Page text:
If you poke your head into the wondrous world that is modern marketing you might find people jockeying for prominent placement in a quickly-shaping landscape that has been transformed by the latest tools and possibilities that we lovingly dub web2.0. Indeed, the blood-stained comment trails on a number of blogs and wikis suggests that territory is up for grabs in the effort to define the very term that many have claimed as their job title and/or area of expertise. “Social media” has landed in the lap of the marketing industry like a complex, alien contraption dropped upon Earthlings struggling to make sense of its origins, ethics, capabilities, and meaning. Seeking to find profit in the explosion of internet tools and web services, large corporations have found themselves on equal footing with independent freelancers. Major labels stand beside self-funded musicians at the horizon of an unknown destination armed with the same weapons to achieve their goals. We look forward together because we are somewhere brand new, moving so quickly that the most successful strategy is the one that is agile and open-minded.
“Social” means “tending to form cooperative and interdependent relationships with others of one’s kind” (http://www.merriam-webster.com/dictionary/social). For clarification, I think it’s helpful to specify that this includes communication from one-to-one and extends to many-to-many (one-to-many and many-to-one are within that range).
“Media” means “tools used to store and deliver information” (http://en.wikipedia.org/wiki/Media). This is trickier, but based on the various uses of the term media, it seems fair to include physical and non-physical “tools”.
Now, web elitists will have you believe that social media is a term strictly relating to new internet technologies (instant messaging, blogs, social networks, etc). I certainly see what all the excitement is about; I, too, am a beta junkie willing to try any new web service that seems remotely valuable or interesting. But, let’s not be so hasty, and frankly sloppy, with our language. Leaping ahead like this passes by some wonderful possibilities.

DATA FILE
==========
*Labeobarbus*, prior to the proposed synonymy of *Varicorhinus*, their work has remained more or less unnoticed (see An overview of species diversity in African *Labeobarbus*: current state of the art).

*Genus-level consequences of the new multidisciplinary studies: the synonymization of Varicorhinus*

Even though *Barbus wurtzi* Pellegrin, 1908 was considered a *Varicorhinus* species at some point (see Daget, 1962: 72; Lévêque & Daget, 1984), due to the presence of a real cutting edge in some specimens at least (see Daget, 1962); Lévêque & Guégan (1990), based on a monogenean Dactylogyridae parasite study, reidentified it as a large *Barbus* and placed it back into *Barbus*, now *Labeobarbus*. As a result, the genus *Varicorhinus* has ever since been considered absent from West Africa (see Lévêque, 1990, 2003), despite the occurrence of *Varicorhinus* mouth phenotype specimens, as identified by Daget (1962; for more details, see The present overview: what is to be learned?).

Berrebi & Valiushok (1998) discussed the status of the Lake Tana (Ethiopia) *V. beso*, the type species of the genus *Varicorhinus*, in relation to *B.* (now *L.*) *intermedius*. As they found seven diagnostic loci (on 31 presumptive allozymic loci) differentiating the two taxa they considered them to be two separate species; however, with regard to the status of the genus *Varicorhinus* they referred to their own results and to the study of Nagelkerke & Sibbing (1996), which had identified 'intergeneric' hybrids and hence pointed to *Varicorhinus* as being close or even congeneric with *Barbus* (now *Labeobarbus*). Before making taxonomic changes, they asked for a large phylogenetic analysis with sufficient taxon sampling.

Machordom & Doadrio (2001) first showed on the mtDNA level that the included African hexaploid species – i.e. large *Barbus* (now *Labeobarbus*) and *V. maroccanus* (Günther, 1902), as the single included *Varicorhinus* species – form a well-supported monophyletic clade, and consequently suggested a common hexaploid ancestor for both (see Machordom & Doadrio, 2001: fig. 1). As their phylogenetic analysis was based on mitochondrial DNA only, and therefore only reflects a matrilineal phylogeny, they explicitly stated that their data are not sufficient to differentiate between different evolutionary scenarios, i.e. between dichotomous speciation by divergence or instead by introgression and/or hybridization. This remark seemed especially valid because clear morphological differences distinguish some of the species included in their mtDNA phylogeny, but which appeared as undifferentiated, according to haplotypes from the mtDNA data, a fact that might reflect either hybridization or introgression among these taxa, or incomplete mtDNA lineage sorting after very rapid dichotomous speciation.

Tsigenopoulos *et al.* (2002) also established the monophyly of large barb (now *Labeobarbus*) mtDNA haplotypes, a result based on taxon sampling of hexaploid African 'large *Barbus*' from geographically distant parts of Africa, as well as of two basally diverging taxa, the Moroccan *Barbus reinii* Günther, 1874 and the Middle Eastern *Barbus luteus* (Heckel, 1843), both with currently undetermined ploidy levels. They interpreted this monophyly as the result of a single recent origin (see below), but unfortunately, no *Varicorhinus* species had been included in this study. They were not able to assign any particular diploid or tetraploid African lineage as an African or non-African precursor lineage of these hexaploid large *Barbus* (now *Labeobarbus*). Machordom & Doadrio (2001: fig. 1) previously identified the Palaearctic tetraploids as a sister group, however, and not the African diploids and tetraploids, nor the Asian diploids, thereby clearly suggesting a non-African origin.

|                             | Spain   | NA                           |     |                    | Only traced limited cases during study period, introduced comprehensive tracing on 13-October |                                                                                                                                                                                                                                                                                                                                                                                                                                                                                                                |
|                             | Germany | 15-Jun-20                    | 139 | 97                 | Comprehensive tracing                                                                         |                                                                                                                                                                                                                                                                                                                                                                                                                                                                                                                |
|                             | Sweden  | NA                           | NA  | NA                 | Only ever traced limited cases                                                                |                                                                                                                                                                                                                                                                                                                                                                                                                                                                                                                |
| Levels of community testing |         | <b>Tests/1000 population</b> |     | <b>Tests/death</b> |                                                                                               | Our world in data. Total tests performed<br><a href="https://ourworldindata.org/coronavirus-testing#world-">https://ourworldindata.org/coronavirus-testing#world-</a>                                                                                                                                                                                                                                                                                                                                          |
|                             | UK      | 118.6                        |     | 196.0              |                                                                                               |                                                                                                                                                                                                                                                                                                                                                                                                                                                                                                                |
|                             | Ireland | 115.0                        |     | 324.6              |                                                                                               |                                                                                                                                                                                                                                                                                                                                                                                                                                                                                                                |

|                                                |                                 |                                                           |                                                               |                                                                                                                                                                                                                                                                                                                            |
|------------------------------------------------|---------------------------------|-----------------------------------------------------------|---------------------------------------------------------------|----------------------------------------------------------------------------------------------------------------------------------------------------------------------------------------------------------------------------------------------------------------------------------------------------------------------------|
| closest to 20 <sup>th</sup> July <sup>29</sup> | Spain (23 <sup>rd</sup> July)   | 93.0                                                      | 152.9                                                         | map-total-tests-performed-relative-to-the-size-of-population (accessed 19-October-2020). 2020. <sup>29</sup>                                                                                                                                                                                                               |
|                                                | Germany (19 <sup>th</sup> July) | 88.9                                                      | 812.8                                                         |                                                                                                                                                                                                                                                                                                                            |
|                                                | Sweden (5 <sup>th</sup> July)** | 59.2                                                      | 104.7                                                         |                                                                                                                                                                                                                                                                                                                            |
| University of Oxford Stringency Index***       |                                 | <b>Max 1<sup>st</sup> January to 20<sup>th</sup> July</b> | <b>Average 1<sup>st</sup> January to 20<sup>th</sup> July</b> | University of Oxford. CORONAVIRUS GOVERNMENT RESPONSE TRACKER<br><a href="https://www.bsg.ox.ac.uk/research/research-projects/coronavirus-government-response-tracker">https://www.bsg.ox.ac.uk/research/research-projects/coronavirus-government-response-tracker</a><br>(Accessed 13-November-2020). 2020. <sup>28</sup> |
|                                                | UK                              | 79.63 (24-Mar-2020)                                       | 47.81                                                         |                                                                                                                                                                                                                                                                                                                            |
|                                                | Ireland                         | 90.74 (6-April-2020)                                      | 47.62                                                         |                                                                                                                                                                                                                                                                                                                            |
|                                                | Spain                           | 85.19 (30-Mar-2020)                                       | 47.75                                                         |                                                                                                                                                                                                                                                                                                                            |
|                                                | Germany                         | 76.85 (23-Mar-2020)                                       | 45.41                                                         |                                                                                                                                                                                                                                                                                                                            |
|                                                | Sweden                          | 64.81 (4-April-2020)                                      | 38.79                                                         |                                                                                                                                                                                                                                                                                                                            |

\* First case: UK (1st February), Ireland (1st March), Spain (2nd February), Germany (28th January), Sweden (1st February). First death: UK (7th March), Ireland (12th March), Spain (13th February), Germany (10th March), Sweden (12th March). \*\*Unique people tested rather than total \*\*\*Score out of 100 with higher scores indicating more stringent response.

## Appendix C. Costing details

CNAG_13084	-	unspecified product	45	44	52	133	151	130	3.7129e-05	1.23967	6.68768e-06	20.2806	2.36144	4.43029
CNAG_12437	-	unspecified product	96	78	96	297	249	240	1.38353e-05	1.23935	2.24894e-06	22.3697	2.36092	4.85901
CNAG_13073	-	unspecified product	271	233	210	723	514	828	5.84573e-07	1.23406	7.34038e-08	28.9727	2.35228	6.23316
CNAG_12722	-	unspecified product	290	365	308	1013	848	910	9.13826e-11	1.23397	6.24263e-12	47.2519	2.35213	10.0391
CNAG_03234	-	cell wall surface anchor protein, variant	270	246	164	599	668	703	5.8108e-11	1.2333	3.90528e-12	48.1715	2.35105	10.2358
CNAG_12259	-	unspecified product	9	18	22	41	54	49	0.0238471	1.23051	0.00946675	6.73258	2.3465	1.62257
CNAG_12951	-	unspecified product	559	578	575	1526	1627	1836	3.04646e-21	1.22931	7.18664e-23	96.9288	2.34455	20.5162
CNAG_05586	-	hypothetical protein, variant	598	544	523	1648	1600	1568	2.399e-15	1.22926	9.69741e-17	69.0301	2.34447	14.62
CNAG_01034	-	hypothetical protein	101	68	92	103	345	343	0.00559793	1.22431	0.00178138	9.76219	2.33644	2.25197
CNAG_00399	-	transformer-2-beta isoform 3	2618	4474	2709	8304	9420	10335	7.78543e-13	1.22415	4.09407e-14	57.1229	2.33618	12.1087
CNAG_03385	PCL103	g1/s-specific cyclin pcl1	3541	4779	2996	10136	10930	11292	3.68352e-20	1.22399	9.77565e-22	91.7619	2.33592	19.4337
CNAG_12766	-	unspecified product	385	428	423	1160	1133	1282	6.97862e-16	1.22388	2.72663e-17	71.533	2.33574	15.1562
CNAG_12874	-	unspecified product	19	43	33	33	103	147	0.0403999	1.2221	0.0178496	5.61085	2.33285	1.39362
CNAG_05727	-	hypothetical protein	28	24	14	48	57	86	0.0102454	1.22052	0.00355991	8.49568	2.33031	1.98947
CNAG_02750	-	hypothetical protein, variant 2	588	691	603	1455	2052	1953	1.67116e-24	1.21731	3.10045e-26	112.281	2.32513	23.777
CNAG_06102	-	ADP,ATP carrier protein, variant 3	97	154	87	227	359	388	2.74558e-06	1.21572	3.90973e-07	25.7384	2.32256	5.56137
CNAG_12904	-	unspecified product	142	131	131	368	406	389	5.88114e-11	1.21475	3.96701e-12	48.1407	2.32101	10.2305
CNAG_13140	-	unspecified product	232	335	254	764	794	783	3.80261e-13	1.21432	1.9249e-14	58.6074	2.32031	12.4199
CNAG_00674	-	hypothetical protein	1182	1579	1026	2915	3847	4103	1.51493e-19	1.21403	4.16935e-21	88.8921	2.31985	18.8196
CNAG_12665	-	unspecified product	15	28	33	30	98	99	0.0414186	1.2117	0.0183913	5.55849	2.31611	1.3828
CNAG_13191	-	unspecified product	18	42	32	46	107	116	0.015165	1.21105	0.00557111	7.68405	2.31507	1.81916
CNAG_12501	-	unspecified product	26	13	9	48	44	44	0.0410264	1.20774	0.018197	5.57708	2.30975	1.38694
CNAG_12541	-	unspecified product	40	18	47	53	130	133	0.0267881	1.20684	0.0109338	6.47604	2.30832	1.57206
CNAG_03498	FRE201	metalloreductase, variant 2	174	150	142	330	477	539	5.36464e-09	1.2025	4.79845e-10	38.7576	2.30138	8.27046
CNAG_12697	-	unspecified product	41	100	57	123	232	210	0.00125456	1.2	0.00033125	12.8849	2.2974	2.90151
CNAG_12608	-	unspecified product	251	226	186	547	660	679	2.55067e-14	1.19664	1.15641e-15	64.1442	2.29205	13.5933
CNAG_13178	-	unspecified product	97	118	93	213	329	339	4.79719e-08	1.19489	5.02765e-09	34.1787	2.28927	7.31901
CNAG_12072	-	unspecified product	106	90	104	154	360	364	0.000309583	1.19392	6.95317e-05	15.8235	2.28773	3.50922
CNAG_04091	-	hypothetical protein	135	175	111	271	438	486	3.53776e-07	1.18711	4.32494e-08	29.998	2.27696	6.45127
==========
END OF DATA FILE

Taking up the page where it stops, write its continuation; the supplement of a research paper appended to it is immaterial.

Here’s an example. Dogs tend to “form cooperative and interdependent relationships” with other dogs. Witness two dogs passing by each other and you will see that they have a communication structure built-in even in these new, fancy hybrid breeds (poodle-doodles, or whatever you call them). Spend some more time watching these dogs and you will likely see them lift a leg onto, well, just about any physical object they deem appropriate and do something that has become familiar to all dog owners. Pissing on objects may not seem like a very valuable social skill, but when the information carried by scent passes through the highly sensitive pee parser that is another dog’s nose, the message is understood clearly. One could even go as far as saying that dogs utilize pee combined with an object as a “tool used to store and deliver information”. Ladies and gentleman, I give you social media in the form of dog pee.
How about another example? Perhaps something a bit more inspiring and artful? Birds are social. Sound can be media. Birdsong is therefore social media! Or if you prefer a more tangibly physical form of media, refer to the wonderful bowers of bowerbirds:
The bower is an elegant example of media because both the bower itself and the contents skillfully placed within store and deliver information.
There you have it, some new examples of social media that have absolutely nothing to do with Twitter, blogs, or even the internet.
Bird and Dog photo credit: Veronica Belmont